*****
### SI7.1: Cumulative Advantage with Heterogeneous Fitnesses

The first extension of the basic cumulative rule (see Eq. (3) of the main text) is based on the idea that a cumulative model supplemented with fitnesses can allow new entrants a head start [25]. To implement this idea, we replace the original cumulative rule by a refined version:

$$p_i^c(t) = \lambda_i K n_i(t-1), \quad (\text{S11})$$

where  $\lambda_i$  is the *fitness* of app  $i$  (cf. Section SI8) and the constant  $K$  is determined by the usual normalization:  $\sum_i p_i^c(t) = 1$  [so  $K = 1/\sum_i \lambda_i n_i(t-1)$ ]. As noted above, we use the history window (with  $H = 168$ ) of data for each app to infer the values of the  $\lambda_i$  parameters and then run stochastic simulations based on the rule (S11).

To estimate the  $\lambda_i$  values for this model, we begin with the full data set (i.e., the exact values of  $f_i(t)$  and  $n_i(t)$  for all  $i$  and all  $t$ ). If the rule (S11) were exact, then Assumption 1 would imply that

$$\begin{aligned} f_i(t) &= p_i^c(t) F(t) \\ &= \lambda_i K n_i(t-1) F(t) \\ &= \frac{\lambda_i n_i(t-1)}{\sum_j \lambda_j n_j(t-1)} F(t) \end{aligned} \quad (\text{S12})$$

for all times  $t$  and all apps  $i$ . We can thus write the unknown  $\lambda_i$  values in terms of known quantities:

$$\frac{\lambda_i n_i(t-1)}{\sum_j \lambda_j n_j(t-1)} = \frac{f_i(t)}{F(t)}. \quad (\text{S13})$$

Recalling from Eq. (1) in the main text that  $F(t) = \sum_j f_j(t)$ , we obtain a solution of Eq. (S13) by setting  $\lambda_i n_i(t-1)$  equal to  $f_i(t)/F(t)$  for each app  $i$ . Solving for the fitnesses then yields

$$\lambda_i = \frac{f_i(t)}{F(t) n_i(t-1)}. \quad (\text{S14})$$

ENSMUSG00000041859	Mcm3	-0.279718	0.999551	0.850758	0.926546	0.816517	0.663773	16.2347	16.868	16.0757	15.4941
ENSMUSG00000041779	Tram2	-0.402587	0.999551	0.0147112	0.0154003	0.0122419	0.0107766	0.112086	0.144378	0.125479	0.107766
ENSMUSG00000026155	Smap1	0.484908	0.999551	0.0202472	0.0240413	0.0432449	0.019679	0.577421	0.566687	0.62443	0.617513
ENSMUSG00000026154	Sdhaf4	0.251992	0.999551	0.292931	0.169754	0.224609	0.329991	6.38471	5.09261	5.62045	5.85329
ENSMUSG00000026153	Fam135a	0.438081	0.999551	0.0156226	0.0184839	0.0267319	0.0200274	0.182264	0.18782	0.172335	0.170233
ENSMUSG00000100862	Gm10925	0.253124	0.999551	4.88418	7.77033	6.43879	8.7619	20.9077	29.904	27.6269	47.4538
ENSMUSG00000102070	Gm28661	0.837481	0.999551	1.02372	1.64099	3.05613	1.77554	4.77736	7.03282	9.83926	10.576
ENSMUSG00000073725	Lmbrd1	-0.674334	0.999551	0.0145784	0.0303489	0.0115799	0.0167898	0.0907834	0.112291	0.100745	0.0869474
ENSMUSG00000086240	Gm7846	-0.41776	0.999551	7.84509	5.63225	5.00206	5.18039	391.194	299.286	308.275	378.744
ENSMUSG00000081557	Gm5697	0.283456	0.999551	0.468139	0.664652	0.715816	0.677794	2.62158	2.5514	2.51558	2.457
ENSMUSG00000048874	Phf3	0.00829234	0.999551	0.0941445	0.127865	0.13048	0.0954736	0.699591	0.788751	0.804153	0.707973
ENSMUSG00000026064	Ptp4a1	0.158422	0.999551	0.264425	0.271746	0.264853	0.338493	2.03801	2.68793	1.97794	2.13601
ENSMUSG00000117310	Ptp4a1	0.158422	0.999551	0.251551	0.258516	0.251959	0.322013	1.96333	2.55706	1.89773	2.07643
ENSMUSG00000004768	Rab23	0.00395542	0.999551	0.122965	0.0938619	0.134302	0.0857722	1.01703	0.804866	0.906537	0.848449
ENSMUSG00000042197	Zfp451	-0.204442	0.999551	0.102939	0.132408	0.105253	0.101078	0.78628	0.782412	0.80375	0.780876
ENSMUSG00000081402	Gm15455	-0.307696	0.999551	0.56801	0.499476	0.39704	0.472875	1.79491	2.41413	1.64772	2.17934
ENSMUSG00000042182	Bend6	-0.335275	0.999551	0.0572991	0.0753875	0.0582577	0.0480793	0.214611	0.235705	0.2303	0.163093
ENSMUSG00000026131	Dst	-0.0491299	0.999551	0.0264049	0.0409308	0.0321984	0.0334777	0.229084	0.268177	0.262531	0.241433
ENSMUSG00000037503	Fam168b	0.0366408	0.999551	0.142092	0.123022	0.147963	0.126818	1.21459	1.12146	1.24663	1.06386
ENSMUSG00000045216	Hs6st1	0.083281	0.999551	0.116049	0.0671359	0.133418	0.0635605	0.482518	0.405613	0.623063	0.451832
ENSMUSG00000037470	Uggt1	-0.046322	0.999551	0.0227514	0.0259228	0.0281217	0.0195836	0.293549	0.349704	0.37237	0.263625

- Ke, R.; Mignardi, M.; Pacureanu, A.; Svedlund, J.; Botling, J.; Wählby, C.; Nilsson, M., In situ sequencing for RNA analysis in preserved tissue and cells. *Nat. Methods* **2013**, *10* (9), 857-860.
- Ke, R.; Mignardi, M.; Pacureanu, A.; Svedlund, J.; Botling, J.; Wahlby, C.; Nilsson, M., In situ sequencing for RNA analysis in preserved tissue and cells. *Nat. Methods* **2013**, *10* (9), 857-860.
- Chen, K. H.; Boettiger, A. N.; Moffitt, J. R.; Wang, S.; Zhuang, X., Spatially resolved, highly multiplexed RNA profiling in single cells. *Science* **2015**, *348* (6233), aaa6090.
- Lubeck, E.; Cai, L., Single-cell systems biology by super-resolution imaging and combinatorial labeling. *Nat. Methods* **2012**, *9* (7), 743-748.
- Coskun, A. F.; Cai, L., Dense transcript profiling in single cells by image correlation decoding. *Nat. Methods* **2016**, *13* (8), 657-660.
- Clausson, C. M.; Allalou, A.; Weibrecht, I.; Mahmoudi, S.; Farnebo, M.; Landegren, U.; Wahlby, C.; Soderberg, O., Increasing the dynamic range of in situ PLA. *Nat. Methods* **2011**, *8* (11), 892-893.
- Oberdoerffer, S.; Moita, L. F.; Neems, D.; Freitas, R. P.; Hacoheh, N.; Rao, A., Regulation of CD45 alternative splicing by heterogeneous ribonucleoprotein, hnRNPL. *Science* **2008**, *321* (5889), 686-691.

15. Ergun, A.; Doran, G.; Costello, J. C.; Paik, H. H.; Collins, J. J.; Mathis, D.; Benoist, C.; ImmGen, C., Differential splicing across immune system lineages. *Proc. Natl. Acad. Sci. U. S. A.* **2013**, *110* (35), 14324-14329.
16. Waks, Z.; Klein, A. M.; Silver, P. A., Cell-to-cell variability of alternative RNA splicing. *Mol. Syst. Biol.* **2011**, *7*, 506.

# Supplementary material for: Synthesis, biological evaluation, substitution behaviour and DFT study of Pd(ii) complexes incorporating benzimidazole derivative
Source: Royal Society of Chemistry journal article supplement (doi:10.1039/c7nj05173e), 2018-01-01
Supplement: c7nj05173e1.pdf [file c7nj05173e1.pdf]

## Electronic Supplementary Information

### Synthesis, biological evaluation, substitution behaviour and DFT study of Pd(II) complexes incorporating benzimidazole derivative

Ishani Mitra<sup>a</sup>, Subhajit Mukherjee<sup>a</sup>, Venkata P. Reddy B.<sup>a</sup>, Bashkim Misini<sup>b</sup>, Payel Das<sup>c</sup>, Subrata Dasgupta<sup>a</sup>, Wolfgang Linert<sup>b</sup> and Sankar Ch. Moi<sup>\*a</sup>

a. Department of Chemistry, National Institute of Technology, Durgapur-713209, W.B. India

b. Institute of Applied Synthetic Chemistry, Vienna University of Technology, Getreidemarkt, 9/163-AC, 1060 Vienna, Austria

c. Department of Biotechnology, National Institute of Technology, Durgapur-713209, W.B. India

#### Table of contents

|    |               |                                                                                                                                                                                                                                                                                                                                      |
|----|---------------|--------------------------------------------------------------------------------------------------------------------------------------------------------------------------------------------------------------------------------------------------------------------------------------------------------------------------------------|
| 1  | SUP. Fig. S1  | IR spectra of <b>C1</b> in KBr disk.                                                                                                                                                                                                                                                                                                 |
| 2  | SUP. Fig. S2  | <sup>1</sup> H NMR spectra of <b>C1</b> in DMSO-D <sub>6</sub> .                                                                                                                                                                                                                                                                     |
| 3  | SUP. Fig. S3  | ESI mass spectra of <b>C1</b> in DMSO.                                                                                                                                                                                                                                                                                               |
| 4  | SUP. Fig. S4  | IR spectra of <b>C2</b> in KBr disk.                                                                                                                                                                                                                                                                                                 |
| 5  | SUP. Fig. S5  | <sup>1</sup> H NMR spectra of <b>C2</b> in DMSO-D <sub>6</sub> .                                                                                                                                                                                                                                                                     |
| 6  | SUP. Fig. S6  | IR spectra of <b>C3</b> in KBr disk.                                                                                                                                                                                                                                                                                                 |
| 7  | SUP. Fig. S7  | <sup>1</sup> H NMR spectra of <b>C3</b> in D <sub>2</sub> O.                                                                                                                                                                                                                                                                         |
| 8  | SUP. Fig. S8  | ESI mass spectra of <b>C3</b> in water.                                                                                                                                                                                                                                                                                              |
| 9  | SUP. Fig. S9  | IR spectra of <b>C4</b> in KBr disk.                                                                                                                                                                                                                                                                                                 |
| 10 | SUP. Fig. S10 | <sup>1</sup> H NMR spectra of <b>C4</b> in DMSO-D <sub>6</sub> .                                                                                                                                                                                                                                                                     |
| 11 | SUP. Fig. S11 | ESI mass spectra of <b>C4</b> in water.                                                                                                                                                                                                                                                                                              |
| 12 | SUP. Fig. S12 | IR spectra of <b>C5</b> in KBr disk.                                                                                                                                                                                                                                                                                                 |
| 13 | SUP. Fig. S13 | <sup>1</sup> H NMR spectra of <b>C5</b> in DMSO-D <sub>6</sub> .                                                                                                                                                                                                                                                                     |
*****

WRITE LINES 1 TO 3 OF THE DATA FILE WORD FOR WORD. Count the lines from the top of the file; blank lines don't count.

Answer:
### SI7.1: Cumulative Advantage with Heterogeneous Fitnesses

The first extension of the basic cumulative rule (see Eq. (3) of the main text) is based on the idea that a cumulative model supplemented with fitnesses can allow new entrants a head start [25]. To implement this idea, we replace the original cumulative rule by a refined version:

$$p_i^c(t) = \lambda_i K n_i(t-1), \quad (\text{S11})$$